“Speak to us, Mary! What’s wrong?!” another woman, Margret, tried so desperately to understand, but all Mary could do was cry and shout,

“Demons! Witches!! HELL IS OPENING BENEATH OUR FEET TO SWALLOW US WHOLE!!! They’re here, we’re all hell bound!! Salem is in the claws of Satan Himself!!!” Mary clawed at her face and pulled her hair, spraying spit as she continued to spout her nonsense. 

“She’s gone mad,” Rachel sobbed. “Madeleine, call your husband, please! She is suffering!”

“She is a witch!” Edith corrected, “A witch!!” Rachel whined and looked away from Mary writhing on the floor like a barn animal, unable to bear witness to another one of her friends turning wicked. 

Madeleine ran out of the house in a hurry. She felt elated, she always loved this part of her little spells. She ran to the church as if the wind itself had lifted her off of her feet and carried her there on a cloud. She threw open the tall church doors and exclaimed, “John! My love, come quickly!”

A kindly priest with eyes worn by sleepless nights stumbled out of view, awkwardly clutching a bible to his chest with arms just a little too long and spindly for his body. Madeleine held back a swooning sigh when she saw him and instead ran up to tug on his elbow. 

“John, my love, Mary has turned mad! You must come at once and save her soul lest she be turned into the Devil’s own familiar!” she sniffled, eyes wide and pleading. John tensed, conflict flashing somewhere behind hazel eyes. He lightly drummed the pads of his fingers against the hard leather binding of his bible before finally nodding. 

“Alright,” he murmured in a quiet, distant tone that Madeleine either didn’t notice or chose to ignore. “Lead the way, dear.”


“STOP THIS AT ONCE!! I am no witch!!!” Mary kicked and screamed as she was forced in front of a rickety wooden ladder. 

“C-come now, you know the law, Mary…” John affirmed, hands shaking as he held his open bible. Madeleine watched with her remaining three friends at the front of the crowd, hands folded in front of her, faux sorrow painted on her lovely face. Mary thrashed against the rope that bound her hands behind her back, but the guard only pushed her onward in response.

“NO!!!” Mary struggled all she could as she was forced to climb the ladder, blubbering gibberish about how she wasn’t a witch and how everyone who convicted and executed her would pay for this. Madeleine thought it funny that Mary threatened them, for it surely didn’t help her case. John flipped the page in his bible and raised his head to speak.

“M-Mary Shoemaker, you– you stand here on trial for indecency and accusations of witchcraft. To prove your innocence you have been– been brought to these here gallows. If you– if your neck snaps, then you are no witch. If it doesn’t, then…” John straightened himself and darted his eyes to his wife. “You are a witch.”

“LIARS!! The lot of you!! I am sentenced to die either way!! Curse you, ALL OF YOU!! Go to hell, go to HELL!!” she jabbed the guard in the jaw with her elbow and almost fell backward had she not caught herself. The guard muttered a swear and pushed her forwards as his buddy took hold of the noose. Mary’s eyes widened and she shrieked, “NO!! NO!! Get that wretched thing AWAY FROM ME!!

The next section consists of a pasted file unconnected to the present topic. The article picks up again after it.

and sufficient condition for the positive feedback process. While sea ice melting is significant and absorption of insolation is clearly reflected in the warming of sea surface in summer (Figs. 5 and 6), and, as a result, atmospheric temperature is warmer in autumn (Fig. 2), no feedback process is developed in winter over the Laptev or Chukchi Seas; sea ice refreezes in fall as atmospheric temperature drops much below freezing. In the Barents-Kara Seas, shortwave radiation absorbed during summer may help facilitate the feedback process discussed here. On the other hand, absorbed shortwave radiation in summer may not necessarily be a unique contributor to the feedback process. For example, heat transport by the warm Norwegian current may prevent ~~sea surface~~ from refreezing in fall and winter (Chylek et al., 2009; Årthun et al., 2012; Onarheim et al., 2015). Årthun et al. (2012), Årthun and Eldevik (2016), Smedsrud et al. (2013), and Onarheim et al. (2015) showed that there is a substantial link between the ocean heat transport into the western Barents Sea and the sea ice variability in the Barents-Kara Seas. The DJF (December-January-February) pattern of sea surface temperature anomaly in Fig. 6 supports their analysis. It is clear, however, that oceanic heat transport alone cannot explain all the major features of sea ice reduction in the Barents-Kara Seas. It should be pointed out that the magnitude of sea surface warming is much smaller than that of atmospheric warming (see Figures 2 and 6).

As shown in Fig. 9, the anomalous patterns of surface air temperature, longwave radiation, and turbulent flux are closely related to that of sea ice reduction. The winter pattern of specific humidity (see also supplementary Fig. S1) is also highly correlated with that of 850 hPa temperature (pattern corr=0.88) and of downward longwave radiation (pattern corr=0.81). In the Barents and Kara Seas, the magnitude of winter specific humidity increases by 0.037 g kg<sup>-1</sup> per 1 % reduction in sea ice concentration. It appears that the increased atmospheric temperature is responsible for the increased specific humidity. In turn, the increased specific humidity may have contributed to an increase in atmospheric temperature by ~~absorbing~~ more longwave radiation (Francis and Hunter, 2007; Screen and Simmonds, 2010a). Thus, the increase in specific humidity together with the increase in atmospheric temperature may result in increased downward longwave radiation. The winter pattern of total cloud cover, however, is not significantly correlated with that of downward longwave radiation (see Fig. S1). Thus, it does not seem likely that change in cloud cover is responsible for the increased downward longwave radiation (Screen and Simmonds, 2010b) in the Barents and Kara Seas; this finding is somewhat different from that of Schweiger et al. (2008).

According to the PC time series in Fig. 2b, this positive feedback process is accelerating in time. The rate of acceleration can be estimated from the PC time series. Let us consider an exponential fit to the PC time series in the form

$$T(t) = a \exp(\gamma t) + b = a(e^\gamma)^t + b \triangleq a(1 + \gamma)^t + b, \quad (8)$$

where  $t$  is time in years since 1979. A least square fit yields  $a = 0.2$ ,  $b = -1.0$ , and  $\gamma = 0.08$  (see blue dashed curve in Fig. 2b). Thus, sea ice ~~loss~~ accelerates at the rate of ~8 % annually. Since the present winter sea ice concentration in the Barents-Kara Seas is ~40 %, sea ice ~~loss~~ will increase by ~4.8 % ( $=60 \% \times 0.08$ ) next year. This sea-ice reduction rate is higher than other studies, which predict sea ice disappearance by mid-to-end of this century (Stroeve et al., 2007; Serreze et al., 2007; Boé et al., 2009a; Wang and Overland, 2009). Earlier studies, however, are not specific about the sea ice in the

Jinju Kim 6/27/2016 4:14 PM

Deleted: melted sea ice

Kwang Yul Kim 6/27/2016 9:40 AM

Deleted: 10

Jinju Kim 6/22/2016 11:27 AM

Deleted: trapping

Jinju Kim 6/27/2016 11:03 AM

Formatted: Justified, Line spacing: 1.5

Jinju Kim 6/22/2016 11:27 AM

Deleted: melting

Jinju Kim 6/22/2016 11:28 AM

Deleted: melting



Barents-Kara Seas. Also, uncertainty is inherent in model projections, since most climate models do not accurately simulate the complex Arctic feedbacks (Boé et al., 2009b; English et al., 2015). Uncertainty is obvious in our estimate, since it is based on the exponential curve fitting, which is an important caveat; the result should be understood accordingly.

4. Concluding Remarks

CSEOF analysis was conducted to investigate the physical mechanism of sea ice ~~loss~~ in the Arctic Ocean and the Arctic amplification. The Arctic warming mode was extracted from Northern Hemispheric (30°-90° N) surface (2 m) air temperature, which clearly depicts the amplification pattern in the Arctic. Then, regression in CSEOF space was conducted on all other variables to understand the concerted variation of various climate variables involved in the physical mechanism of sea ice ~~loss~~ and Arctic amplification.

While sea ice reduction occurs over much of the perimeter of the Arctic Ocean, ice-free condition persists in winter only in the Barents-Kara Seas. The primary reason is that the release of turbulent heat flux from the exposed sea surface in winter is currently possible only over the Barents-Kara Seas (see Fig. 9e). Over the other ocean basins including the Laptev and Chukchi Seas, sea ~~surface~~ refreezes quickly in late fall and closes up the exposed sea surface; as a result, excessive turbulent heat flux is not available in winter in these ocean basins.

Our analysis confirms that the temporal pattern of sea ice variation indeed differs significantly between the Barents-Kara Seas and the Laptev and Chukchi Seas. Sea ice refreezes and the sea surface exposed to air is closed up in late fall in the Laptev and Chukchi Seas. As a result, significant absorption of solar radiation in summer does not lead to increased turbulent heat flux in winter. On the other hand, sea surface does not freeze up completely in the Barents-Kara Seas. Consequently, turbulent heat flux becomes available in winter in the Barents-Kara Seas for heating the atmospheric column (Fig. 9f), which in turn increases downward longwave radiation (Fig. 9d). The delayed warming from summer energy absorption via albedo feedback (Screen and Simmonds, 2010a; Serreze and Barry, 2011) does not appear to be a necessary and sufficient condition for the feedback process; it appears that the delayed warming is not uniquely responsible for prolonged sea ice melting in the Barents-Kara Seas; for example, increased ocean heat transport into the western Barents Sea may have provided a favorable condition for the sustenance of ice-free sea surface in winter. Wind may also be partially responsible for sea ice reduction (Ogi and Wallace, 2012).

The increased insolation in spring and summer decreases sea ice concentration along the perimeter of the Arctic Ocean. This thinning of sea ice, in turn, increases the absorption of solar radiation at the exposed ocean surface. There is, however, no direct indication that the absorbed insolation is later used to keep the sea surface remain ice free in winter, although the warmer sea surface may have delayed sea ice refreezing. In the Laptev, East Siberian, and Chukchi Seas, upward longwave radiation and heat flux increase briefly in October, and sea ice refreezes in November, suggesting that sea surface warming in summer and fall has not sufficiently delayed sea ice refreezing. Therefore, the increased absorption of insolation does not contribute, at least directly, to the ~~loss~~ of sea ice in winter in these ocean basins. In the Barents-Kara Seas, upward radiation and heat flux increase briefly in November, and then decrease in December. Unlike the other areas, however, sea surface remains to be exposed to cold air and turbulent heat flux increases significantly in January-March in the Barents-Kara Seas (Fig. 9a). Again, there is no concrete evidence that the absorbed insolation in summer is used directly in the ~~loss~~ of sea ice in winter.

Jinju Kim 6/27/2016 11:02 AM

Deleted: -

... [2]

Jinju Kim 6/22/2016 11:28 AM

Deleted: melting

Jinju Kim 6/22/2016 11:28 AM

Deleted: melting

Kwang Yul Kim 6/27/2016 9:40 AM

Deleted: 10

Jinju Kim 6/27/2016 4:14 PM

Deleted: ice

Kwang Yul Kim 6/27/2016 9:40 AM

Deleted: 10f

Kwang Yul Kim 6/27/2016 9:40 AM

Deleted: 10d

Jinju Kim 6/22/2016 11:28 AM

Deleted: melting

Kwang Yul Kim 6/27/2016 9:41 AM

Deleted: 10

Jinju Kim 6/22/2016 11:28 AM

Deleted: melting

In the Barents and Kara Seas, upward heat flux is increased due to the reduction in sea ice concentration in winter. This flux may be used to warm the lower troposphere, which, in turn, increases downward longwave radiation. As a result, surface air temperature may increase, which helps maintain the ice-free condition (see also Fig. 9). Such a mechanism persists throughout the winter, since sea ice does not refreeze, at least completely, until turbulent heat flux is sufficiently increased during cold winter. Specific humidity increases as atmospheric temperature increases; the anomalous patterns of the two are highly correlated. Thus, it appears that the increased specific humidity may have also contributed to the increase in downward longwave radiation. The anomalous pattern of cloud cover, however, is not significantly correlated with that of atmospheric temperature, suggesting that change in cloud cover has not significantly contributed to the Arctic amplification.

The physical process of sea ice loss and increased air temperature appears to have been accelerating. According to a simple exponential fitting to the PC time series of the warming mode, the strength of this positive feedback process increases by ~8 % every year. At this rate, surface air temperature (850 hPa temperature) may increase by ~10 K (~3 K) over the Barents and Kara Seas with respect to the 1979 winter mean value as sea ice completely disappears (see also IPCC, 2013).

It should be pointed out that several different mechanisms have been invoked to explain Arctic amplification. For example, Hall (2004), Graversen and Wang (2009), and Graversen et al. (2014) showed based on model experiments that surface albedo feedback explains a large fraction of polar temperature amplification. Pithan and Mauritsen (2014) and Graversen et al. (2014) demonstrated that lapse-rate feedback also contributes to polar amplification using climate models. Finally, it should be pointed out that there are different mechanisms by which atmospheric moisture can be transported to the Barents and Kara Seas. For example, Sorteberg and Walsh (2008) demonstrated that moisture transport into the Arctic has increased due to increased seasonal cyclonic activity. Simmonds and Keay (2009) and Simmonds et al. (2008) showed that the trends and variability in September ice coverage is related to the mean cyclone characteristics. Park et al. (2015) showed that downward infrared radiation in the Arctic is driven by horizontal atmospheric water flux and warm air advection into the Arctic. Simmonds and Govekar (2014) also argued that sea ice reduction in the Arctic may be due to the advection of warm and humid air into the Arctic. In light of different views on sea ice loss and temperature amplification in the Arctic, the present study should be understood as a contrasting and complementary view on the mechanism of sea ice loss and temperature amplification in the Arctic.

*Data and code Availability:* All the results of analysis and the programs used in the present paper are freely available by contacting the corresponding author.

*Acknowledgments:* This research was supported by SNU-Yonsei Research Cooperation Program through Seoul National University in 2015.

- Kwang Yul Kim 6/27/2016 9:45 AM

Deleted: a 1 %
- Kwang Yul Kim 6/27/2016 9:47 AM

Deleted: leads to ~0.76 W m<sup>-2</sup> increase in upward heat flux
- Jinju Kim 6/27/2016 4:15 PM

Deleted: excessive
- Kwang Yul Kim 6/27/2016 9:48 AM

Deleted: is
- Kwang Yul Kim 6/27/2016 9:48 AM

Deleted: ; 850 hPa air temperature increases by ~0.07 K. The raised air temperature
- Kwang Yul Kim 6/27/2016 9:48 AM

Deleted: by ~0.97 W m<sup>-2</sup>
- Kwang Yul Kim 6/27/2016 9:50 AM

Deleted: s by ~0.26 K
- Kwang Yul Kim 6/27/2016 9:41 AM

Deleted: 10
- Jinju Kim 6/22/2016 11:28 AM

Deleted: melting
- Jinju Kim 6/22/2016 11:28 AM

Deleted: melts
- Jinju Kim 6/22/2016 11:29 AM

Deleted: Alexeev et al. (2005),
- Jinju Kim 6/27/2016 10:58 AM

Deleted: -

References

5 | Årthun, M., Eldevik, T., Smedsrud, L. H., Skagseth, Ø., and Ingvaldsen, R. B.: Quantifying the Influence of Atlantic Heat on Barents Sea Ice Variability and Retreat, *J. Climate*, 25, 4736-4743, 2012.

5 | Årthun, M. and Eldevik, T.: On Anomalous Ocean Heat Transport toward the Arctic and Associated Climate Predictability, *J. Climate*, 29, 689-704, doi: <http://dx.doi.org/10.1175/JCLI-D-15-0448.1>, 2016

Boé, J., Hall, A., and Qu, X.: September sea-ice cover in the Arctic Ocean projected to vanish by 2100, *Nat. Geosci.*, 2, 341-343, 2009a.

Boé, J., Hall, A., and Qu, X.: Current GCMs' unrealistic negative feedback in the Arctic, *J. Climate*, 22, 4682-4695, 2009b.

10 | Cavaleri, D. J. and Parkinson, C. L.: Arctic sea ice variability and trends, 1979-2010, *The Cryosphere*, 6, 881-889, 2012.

They forced the noose around her neck and prepared to push her off the ladder. Mary screamed for the final time, “I AM NO WITCH!!!” before powerful hands on her shoulders lifted her off of the ladder and let her dangle in the air. Mary thrashed and scraped her nails against the thick rope tightening around her throat, writhing similarly to how she did at Madeline’s house. As her face turned a deathly purple-blue, Rachel clung to Madeline’s arm and wept into her shoulder. Madeline gently petted her bonnet-covered hair and looked deep into the light fading from Mary’s eyes. When Madeline let a malignant smile slip, Mary’s eyes widened for a final time before she stopped moving and hung limply in the air, swinging back and forth like a pendulum. Rachel shivered against Madelaine, tears staining her cotton dress. Madelaine looked down at the girl with a thoughtful expression, then leaned down to kiss the top of her head, if only to hide her smile. Yes, yes, she would do nicely.


Dusk fled the earth in a panic the moment it saw a sliver of golden yellow coast past the horizon, for it had learned its lesson several suns ago. There was humming somewhere along the creek, its sound patient and delighted. A young woman knelt by the water, watching the ripples as if waiting for something. A school of sunfish soon swam over, wiggling through the water, traveling peacefully along. Madeline smiled pleasantly and readied the hunting knife she regularly borrowed from her husband. Counting down from three in her head, she drew her hand back and plunged the blade into the midsection of the largest sunfish she saw. When she swiftly yanked the impaled fish out of the water, it squirmed for only a little bit before giving in to its fate.

She laid it down atop her favorite plateaued rock and unsheathed the hunting knife from the sunfish. Then, with trained precision, Madeline carved out its wide golden-green eyes, then deposited them into a jar full of similar-looking organs. She screwed the top of the jar back on, but just before she was about to throw the sunfish back into the river, she paused. Oh, why let this perfectly good sunfish go to waste when she could cook it up for her dearest John? She giggled at her almost careless waste, and wrapped the dead fish in some spare cloth before slipping it into her basket. She began to sing to herself, a simple tune from her childhood she always loved, and skipped back to her home, to the husband she so dearly loved.